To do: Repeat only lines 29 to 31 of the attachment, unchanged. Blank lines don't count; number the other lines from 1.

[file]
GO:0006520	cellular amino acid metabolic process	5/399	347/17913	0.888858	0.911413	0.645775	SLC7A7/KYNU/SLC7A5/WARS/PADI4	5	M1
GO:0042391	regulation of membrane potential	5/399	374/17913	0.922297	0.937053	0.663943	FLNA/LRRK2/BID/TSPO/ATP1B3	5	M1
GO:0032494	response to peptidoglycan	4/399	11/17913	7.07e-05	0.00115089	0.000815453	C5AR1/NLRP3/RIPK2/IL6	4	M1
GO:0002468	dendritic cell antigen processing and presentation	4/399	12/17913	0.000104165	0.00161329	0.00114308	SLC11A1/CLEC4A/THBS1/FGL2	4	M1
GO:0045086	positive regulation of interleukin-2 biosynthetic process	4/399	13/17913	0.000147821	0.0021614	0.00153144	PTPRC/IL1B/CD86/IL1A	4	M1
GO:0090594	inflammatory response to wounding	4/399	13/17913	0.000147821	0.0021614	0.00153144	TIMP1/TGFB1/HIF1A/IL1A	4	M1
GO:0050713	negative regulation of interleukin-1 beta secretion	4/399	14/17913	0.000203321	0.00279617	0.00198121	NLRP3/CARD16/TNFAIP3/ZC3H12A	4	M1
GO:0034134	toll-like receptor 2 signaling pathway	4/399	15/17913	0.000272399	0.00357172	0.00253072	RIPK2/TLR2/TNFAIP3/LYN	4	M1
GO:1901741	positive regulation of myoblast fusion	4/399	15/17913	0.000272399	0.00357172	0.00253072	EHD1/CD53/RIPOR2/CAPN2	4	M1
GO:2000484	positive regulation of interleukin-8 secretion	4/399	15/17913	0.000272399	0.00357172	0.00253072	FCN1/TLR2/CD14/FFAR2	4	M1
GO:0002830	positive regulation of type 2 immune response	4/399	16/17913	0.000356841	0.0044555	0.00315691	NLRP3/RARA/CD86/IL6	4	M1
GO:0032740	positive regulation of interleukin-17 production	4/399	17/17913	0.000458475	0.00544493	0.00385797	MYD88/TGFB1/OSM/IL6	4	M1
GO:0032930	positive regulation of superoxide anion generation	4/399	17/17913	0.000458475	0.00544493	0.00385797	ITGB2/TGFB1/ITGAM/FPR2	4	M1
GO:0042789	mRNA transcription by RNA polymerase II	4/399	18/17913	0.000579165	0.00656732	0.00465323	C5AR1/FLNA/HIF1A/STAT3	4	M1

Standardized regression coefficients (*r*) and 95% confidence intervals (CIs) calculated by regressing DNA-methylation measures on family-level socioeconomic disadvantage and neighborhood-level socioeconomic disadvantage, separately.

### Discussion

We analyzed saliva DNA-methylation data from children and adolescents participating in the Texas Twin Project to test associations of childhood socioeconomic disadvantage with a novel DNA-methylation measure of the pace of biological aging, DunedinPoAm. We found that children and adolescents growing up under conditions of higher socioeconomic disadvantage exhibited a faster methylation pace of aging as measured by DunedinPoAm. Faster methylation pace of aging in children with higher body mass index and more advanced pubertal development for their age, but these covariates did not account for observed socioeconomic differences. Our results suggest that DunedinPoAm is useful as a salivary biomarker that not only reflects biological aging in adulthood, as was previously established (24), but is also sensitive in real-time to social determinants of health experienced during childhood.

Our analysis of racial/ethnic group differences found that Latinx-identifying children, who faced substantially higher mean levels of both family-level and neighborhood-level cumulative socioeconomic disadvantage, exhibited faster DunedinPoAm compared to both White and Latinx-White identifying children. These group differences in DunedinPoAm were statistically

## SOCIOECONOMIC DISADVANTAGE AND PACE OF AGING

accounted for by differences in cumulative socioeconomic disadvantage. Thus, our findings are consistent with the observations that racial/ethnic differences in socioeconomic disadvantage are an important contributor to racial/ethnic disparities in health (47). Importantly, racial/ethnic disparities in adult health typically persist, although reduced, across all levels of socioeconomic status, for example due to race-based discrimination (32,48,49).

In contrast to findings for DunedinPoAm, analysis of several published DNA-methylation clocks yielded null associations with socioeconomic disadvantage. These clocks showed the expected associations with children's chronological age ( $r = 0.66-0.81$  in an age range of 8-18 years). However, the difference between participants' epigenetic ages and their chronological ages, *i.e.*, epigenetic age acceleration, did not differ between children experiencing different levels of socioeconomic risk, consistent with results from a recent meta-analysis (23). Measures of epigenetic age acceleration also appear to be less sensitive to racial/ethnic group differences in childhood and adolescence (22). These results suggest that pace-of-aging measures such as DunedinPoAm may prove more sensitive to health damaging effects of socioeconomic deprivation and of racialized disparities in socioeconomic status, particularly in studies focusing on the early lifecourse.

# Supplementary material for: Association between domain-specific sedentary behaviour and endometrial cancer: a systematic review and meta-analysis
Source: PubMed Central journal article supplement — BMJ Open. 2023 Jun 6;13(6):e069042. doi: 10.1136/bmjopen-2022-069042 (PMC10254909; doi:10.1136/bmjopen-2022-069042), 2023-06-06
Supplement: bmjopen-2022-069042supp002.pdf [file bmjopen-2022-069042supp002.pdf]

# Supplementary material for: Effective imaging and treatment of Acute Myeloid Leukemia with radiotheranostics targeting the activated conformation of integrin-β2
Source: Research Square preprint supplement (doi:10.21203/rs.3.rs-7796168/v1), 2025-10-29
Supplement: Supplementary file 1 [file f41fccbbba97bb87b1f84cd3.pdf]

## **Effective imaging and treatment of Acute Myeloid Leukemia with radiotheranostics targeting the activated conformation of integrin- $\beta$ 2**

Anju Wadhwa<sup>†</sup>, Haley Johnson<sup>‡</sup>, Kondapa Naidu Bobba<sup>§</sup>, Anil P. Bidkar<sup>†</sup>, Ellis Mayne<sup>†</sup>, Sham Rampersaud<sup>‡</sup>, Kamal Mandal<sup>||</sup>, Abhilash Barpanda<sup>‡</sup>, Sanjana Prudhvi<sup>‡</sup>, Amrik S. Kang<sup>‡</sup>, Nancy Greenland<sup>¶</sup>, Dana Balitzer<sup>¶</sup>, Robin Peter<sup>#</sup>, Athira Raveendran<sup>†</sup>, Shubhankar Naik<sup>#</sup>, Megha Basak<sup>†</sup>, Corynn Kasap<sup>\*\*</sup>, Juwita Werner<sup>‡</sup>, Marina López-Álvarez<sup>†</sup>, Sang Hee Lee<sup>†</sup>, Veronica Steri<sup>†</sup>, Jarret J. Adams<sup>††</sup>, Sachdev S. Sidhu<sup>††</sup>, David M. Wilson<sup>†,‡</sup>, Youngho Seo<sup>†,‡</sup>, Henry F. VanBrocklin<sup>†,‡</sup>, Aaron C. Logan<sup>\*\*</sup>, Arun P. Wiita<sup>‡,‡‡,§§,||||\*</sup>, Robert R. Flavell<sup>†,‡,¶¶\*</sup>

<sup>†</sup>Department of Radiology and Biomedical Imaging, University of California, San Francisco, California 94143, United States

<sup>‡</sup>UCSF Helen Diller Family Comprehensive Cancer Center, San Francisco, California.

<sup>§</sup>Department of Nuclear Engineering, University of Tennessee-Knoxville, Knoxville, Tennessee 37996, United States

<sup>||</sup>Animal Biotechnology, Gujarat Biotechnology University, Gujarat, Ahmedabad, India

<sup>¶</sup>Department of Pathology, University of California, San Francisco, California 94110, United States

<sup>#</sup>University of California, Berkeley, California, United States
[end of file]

Anju Wadhwa<sup>†</sup>, Haley Johnson<sup>‡</sup>, Kondapa Naidu Bobba<sup>§</sup>, Anil P. Bidkar<sup>†</sup>, Ellis Mayne<sup>†</sup>, Sham Rampersaud<sup>‡</sup>, Kamal Mandal<sup>||</sup>, Abhilash Barpanda<sup>‡</sup>, Sanjana Prudhvi<sup>‡</sup>, Amrik S. Kang<sup>‡</sup>, Nancy Greenland<sup>¶</sup>, Dana Balitzer<sup>¶</sup>, Robin Peter<sup>#</sup>, Athira Raveendran<sup>†</sup>, Shubhankar Naik<sup>#</sup>, Megha Basak<sup>†</sup>, Corynn Kasap<sup>\*\*</sup>, Juwita Werner<sup>‡</sup>, Marina López-Álvarez<sup>†</sup>, Sang Hee Lee<sup>†</sup>, Veronica Steri<sup>†</sup>, Jarret J. Adams<sup>††</sup>, Sachdev S. Sidhu<sup>††</sup>, David M. Wilson<sup>†,‡</sup>, Youngho Seo<sup>†,‡</sup>, Henry F. VanBrocklin<sup>†,‡</sup>, Aaron C. Logan<sup>\*\*</sup>, Arun P. Wiita<sup>‡,‡‡,§§,||||\*</sup>, Robert R. Flavell<sup>†,‡,¶¶\*</sup>

<sup>†</sup>Department of Radiology and Biomedical Imaging, University of California, San Francisco, California 94143, United States

<sup>‡</sup>UCSF Helen Diller Family Comprehensive Cancer Center, San Francisco, California.